In part, this has been driven by the increasing reluctance of jurors to impose capital punishment, which in turn has made fewer prosecutors willing to go through the enormous trouble and expense of seeking it.

In Raleigh, N.C., six back-to-back juries gave life sentences to killers whom prosecutors had sought to execute, prompting Lorrin Freeman, the Wake County district attorney, to say last year, “I do think at some point we have to step back and say, ‘Has the community sent us a message on that?’”

Her office sought capital punishment in two more cases this month, but again, the jury declined. Ms. Freeman has said she will continue to weigh the death penalty case by case.

The new breed of prosecutors was helped into office by voters skeptical of wrongful convictions, mass incarceration and evidence of racial bias in law enforcement. As candidates, many received help from the liberal billionaire George Soros, who spent millions on campaigns in states including Arizona, Mississippi and Missouri. Of the 15 candidates supported by his political action committees (including one for sheriff), 12 were victors.

But some change-minded prosecutors won without Soros money, showing that attitudes across the country are changing regardless of outsize political contributions, said David A. Sklansky, a professor at Stanford Law School who closely follows the issue.

“It’s now possible in at least some places for district attorneys to campaign successfully and win office on a platform that’s not just harsher, harsher, more, more punishment,” he said. “That was unheard-of 10 years ago.”

Bob Ferguson, the attorney general of Washington State, said, “I think our public’s view of our criminal justice system has evolved.” Speaking out against the death penalty, he added, “is not the third rail people think it is.”

In January, Mr. Ferguson, a Democrat, was joined by his Republican predecessor, Rob McKenna, in calling for the state Legislature to abolish capital punishment. The bill did not get out of committee.

Ms. Ayala, who was elected in November with the help of more than $1 million from Mr. Soros, did not campaign on a platform of ending the death penalty, causing some to accuse her of masking her intentions. In response, Ms. Ayala has pointed out that executions in Florida were suspended until recently because of court challenges. In a court motion, Ms. Ayala said she took office intending to pursue the death penalty if it were reinstated, but changed her mind after “careful, intensive and individualized consideration” of the Loyd case.

“I think we are entering a time where people want accountable and smart people in power,” Ms. Ayala said in an interview. “They want someone who isn’t just emotionally based or ‘This is the way we always have done it.’ But, ‘Is this smart? Is this reducing crime?’”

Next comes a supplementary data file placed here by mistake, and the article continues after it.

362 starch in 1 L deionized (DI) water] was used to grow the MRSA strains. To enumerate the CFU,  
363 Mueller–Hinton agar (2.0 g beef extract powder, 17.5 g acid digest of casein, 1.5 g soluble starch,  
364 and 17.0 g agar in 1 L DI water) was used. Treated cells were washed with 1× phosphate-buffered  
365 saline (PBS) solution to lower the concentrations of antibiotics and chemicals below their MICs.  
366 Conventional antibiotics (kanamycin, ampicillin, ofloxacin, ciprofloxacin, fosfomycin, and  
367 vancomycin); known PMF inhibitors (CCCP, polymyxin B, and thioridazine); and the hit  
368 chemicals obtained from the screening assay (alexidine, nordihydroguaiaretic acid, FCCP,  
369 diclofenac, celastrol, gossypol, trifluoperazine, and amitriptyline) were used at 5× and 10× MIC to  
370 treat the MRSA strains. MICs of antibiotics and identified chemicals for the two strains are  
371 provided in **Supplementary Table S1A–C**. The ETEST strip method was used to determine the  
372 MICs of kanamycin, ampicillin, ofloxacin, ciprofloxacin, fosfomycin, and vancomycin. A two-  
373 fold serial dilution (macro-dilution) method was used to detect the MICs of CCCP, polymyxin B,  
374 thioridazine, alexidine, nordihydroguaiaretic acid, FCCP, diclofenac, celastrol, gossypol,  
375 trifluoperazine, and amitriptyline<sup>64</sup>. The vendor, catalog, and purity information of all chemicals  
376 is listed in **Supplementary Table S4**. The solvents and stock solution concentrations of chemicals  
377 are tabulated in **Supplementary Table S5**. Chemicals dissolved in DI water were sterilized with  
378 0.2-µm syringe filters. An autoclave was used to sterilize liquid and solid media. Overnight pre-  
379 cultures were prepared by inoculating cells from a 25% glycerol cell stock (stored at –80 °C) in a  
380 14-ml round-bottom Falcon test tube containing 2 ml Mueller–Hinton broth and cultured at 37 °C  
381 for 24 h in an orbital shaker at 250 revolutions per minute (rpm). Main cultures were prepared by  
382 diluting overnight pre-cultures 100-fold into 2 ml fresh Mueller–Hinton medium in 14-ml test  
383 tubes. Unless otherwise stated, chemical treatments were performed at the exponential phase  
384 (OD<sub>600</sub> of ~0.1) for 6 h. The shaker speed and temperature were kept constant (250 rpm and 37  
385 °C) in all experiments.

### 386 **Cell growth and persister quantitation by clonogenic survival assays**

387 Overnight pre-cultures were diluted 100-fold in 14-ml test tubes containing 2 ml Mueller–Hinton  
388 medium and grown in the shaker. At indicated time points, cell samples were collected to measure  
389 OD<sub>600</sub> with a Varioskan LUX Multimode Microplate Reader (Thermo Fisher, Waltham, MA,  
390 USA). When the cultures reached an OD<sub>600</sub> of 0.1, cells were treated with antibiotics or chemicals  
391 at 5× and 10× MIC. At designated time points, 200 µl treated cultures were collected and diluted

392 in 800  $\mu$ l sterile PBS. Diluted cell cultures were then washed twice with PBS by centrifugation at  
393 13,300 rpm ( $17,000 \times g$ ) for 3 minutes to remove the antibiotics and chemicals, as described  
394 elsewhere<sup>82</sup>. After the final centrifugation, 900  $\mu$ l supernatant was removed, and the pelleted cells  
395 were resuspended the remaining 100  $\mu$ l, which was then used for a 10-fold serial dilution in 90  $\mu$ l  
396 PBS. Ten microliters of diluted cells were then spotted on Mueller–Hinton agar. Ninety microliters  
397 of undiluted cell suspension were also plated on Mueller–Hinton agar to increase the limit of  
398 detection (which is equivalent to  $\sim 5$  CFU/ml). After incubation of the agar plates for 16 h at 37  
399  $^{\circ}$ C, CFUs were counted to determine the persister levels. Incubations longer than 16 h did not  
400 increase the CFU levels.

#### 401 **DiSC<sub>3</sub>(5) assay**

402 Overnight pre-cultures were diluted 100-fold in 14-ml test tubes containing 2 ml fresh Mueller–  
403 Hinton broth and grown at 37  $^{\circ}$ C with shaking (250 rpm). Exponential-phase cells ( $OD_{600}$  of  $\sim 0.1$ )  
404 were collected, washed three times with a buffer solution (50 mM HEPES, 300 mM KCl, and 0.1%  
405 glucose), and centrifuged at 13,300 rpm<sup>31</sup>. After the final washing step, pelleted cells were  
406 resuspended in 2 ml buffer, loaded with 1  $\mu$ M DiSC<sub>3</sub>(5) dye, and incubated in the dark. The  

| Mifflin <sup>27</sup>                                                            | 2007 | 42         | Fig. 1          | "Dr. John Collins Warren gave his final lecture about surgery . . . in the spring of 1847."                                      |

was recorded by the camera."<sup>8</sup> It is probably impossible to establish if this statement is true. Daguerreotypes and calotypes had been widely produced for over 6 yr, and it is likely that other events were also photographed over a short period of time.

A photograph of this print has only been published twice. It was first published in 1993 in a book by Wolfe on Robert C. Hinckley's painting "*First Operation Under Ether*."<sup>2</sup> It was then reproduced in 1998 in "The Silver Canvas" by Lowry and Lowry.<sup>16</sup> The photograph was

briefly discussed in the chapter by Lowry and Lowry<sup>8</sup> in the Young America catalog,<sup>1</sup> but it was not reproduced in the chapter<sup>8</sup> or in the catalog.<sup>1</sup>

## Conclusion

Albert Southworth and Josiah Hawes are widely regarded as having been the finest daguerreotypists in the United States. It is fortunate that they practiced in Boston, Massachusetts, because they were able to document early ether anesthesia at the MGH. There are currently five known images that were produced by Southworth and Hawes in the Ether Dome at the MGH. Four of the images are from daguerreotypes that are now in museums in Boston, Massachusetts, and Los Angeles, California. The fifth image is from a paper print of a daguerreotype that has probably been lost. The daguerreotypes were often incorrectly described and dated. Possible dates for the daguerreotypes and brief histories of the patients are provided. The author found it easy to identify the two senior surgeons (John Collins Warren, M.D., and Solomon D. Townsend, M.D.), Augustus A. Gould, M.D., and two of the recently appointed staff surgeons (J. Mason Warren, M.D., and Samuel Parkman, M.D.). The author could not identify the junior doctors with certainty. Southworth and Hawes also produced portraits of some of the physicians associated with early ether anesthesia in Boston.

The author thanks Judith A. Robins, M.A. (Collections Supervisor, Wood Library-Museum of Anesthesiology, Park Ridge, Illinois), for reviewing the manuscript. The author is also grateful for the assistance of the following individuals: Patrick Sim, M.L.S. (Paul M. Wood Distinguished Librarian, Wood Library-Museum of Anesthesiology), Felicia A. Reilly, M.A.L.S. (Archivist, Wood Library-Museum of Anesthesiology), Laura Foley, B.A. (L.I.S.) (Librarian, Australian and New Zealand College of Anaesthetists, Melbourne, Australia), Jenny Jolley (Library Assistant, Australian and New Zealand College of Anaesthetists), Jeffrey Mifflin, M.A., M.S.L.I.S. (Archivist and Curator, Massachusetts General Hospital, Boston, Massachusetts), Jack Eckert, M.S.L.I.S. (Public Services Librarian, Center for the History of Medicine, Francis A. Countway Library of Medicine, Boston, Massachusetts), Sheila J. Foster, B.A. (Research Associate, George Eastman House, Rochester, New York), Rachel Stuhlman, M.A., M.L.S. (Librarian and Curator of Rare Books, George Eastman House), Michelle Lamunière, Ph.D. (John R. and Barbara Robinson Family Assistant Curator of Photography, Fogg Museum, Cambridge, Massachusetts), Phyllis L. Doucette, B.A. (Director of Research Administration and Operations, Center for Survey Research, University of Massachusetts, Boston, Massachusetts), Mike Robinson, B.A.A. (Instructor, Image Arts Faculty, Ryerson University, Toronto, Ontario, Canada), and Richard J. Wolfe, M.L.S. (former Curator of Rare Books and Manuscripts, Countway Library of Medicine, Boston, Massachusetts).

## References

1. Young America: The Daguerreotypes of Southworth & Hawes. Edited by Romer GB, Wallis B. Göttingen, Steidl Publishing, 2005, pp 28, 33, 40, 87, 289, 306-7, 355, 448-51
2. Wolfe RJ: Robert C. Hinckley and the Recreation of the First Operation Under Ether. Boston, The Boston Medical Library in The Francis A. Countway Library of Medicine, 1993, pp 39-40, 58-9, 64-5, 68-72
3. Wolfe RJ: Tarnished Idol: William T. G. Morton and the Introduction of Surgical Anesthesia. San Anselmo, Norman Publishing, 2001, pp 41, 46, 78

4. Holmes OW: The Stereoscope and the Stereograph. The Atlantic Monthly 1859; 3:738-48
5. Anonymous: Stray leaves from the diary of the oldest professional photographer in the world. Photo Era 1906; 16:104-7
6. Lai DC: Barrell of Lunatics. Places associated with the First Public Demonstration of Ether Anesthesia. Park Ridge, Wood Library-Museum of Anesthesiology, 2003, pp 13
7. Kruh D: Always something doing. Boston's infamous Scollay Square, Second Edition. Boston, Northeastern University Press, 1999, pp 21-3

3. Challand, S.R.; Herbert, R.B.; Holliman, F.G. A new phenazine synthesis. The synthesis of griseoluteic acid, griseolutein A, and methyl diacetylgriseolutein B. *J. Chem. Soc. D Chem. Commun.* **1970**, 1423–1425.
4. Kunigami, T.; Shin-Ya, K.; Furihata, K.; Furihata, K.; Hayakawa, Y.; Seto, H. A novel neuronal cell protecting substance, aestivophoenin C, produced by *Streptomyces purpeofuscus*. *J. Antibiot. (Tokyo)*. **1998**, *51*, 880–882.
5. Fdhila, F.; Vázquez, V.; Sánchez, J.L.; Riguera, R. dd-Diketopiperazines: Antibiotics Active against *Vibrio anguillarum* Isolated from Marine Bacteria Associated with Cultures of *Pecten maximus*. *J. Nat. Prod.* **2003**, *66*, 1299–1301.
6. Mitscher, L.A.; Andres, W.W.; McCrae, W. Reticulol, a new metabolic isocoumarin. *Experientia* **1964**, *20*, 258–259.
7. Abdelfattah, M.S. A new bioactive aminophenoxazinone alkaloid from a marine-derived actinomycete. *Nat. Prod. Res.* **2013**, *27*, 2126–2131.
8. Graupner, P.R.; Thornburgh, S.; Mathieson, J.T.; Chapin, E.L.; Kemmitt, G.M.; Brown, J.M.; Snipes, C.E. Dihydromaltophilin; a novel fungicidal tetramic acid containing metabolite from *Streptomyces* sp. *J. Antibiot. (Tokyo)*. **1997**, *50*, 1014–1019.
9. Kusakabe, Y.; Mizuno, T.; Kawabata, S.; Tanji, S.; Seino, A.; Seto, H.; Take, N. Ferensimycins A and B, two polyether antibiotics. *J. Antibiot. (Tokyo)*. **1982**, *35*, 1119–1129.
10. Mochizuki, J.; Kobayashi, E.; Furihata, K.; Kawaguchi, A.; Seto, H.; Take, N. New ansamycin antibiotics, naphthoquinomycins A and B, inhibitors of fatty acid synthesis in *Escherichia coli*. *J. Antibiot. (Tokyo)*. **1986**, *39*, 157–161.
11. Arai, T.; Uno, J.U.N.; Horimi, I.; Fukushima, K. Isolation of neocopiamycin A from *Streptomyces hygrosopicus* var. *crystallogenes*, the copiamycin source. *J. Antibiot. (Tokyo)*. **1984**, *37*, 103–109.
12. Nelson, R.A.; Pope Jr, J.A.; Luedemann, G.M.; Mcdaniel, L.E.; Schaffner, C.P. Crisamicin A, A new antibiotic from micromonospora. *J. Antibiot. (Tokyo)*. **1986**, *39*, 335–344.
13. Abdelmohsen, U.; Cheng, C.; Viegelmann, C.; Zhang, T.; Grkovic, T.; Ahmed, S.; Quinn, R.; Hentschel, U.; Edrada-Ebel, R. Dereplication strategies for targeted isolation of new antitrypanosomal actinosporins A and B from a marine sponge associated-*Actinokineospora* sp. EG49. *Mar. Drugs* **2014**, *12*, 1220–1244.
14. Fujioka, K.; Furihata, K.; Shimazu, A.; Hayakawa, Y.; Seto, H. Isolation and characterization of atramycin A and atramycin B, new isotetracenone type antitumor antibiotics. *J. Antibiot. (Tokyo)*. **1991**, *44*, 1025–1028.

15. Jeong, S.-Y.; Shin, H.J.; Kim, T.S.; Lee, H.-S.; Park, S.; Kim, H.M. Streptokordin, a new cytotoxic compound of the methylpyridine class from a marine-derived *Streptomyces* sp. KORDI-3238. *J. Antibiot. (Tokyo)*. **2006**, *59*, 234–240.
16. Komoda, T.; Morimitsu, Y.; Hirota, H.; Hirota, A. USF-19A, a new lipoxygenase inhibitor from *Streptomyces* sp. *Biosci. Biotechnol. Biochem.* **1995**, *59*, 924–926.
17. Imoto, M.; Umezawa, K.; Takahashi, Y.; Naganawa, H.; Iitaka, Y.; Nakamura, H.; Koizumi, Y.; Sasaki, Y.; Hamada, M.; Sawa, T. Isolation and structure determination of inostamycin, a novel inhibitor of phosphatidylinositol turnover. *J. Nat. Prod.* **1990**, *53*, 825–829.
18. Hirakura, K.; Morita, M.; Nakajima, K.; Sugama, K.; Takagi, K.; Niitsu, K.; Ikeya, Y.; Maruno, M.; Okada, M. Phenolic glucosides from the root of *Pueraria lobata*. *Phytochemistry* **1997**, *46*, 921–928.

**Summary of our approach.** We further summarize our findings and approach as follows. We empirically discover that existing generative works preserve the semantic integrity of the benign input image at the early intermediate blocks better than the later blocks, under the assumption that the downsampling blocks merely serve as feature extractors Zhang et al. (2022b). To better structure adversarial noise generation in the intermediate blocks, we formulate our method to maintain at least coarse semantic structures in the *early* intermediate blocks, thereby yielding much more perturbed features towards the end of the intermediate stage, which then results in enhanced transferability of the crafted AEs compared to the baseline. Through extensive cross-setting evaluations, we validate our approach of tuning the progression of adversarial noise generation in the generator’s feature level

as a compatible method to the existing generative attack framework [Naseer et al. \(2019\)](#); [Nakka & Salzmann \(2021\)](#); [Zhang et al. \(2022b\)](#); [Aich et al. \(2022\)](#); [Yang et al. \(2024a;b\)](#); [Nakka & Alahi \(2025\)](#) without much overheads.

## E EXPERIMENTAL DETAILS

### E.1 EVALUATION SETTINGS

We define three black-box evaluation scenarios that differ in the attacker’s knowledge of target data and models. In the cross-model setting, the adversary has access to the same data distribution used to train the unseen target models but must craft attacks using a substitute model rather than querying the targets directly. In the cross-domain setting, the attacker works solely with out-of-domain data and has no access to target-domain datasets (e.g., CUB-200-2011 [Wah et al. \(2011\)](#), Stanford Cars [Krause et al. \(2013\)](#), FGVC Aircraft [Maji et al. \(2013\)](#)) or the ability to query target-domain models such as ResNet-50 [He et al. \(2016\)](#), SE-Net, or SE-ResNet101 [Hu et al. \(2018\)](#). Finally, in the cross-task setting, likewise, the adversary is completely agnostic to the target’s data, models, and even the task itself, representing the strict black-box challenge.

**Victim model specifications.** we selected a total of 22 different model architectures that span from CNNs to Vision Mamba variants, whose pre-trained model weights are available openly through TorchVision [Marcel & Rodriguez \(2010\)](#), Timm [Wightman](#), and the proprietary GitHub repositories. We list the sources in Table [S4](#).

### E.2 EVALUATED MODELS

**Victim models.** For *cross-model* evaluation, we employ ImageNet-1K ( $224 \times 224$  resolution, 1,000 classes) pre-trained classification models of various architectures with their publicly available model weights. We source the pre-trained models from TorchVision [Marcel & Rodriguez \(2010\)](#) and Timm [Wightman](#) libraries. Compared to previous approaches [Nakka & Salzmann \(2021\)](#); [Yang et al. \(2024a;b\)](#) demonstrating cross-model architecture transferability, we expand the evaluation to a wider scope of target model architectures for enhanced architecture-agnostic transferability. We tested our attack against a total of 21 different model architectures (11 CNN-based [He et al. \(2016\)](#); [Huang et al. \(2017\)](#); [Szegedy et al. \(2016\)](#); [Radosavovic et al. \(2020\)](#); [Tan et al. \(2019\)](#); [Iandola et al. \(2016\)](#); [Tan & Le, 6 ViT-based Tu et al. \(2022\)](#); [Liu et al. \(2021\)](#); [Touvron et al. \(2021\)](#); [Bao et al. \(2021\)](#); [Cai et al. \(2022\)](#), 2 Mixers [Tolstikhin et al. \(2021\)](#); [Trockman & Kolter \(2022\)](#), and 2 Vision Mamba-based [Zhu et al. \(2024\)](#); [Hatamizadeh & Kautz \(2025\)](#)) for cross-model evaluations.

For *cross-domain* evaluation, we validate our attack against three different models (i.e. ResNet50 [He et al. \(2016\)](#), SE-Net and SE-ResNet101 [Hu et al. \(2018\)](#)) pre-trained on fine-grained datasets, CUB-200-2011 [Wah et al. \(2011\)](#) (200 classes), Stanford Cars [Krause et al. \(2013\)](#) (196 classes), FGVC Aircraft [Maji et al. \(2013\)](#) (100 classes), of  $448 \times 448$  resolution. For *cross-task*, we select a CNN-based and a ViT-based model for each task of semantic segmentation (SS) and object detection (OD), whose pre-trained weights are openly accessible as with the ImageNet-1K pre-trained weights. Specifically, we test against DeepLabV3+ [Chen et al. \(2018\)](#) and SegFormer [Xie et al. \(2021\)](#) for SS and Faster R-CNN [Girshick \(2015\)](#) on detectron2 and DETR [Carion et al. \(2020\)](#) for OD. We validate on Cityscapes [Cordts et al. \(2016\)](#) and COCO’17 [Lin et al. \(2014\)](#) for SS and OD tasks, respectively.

Joshua Marquis, a district attorney in Oregon and a board member of the National District Attorneys Association, said if he opposed the death penalty, he would not have run for office. Ms. Ayala has substituted her judgment for the law, added Mr. Marquis, a Democrat.

Jeffrey L. Ashton, the incumbent whom Ms. Ayala defeated in the Democratic primary last year, agreed. “That’s not a prosecutor’s job to decide which law they’ll follow and which they won’t,” he said. “I think it’s illegal, honestly.”

The morning after Ms. Ayala’s announcement, dozens of clergy, activists and families of murder victims flocked to the steps outside her Orlando office to both praise and criticize her. One of the Pulse nightclub victims showed up in a wheelchair calling for an eye for an eye, even as the mothers of three murder victims took Ms. Ayala’s side.

As the clergy members spoke out in her favor, Rafael Zaldivar photo-bombed their news conference with a poster of his murdered son, Alex, killed in 2012 by a man against whom he was to testify in a home invasion case.

“I was stunned to hear what she had to say,” Mr. Zaldivar said.“She is taking up a political agenda from the far left.” He argued that the election had been “bought” by Mr. Soros.

But Ms. Ayala’s supporters say that conservative organizations have donated to prosecutors’ races for decades. Ms. Ayala insisted that she had never met Mr. Soros, and that nobody from his team had discussed the death penalty with her during the race. “It’s not a quid pro quo where I owe him something,” she said.

Mr. Soros and his representatives declined to be interviewed for this article.

The mother of Mr. Loyd’s ex-girlfriend said she supported Ms. Ayala’s decision.

“When it comes to death penalty, you have to understand that we want is closure,” said Stephanie Dixon-Daniels, whose daughter Sade Dixon, 24, was murdered in December. “He’s not going to be executed for another 30, 40 years anyway.”

Frances Robles
New York Times